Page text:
Mosquitos, and Drones, and Diseases, Oh My!
Mosquitos have a horrible reputation for not only being an annoyance, but carrying any number of highly infectious diseases. Project Premonition , a research project launched by Microsoft, however, aims to use their blood-sucking nature to help stop the spread of diseases before they reach epidemic status.
Ebola, SARS, MERS and the Bourbon virus are all examples of recent emerging infectious disease (or EIDs), but EIDs, by definition, are diseases whose incidence has increased in the last two decades and can be caused by previously unrecognized pathogens or pathogens whose incidence continues to rise, re-emerge, or expand in range.
There are pathogen surveillance systems in place that aim to detect pathogens before an EID has a chance to spread, but, not only are 60-75% of EID outbreaks caused by pathogens that reside in animal populations (which are extremely difficult to monitor), there are no existing surveillance systems in place to detect previously unknown pathogens, and – as we saw with the Ebola epidemic, the movements of the humans carrying these diseases create more places for the disease to spread, especially because many EID carriers are either unaware, or are hesitant to report symptoms.
So what is Project Premonition doing to change all that? Researchers are developing drones that can autonomously navigate the rural environments that are either cost or physically prohibitive for humans. A wide range of host and pathogen genes can be obtained from mosquitos’ body contents, even if the pathogens do not have any impact on the mosquito. Researchers are also working to build “smarter and cheaper autonomous mosquito traps” that will not only trap, but preserve them for later analysis. Instead of using dry ice – which is very difficult to come by in the tropical areas where EID outbreaks tend to occur and mosquitos thrive – or mammals – be they humans under mosquito nets or animals – as bait, they plan to use low-cost odor lures that attract a broad variety of mosquitos, and also plan to use sensors and signal processing that distinguish mosquitos from other insects. Once the mosquitos are collected, they will be gene sequenced and will produce metagenomics data, which may contain the genes of pathogens the insect encountered. The goal is then to develop new algorithms capable of quickly searching through the high volumes of data they expect to collect for viruses and microbes. By being able to quickly analyze so much information in a limited amount of time, the hope is to uncover the movement and evolution of any possible pathogen before they lead to EIDs in humans.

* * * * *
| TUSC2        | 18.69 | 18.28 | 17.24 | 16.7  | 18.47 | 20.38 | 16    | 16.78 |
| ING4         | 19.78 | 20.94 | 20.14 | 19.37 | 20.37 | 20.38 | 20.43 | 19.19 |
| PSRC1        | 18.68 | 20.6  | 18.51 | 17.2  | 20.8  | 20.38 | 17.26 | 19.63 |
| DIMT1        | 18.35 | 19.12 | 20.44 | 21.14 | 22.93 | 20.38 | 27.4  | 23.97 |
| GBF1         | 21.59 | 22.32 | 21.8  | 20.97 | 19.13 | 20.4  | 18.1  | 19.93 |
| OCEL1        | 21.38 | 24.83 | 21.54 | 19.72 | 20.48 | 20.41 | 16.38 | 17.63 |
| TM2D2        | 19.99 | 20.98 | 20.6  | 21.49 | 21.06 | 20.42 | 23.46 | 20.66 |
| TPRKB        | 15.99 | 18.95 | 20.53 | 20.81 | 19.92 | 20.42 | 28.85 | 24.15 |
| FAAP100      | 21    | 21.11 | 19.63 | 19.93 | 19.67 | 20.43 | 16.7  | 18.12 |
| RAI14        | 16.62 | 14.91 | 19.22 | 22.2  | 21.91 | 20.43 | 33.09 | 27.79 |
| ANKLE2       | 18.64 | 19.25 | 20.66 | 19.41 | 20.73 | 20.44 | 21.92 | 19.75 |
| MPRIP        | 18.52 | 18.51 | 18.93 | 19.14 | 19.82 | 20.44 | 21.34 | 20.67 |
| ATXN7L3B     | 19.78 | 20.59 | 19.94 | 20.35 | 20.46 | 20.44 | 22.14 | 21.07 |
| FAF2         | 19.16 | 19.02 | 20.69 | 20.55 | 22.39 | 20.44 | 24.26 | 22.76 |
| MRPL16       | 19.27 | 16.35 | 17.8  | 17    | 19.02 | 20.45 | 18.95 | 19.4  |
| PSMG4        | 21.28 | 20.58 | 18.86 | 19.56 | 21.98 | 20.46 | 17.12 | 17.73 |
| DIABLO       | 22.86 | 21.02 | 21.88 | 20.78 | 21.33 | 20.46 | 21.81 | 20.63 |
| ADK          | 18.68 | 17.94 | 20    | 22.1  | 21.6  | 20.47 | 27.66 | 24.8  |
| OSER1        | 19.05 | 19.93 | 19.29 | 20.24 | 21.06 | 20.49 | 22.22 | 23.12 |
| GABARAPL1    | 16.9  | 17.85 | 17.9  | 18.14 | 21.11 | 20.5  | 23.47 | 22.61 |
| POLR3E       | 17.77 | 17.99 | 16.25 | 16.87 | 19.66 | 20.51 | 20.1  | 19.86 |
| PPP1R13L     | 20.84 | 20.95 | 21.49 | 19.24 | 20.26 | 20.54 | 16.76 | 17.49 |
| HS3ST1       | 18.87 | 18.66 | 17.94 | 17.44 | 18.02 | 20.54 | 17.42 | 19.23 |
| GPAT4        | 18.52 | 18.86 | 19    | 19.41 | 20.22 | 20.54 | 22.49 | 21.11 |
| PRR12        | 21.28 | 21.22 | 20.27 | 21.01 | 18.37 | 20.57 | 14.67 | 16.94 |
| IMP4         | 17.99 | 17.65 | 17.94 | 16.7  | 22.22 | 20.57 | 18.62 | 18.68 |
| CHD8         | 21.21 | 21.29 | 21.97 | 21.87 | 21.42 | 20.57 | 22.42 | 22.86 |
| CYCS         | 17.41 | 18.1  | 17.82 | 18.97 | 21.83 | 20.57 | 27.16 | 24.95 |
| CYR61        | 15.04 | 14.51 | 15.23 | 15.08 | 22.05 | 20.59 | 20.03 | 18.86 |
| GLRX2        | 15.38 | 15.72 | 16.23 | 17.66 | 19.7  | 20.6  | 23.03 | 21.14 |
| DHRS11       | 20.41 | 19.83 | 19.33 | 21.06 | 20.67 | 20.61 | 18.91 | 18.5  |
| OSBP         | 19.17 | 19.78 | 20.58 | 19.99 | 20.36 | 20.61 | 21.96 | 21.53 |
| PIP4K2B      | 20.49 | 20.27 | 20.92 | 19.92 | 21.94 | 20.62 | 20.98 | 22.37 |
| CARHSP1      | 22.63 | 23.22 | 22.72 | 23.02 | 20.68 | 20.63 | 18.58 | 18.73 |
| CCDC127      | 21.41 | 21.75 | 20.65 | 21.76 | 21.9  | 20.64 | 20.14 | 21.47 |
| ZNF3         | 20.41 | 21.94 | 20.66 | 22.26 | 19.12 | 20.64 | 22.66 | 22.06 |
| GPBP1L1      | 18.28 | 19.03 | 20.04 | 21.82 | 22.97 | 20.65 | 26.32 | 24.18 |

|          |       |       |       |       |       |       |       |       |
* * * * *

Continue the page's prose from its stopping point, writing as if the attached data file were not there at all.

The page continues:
“This is at least a five-year vision, no doubt about it,” Lead Researcher Ethan Jackson says. “But along the way, the advances we make in each of these areas have a lot of value in their own right.”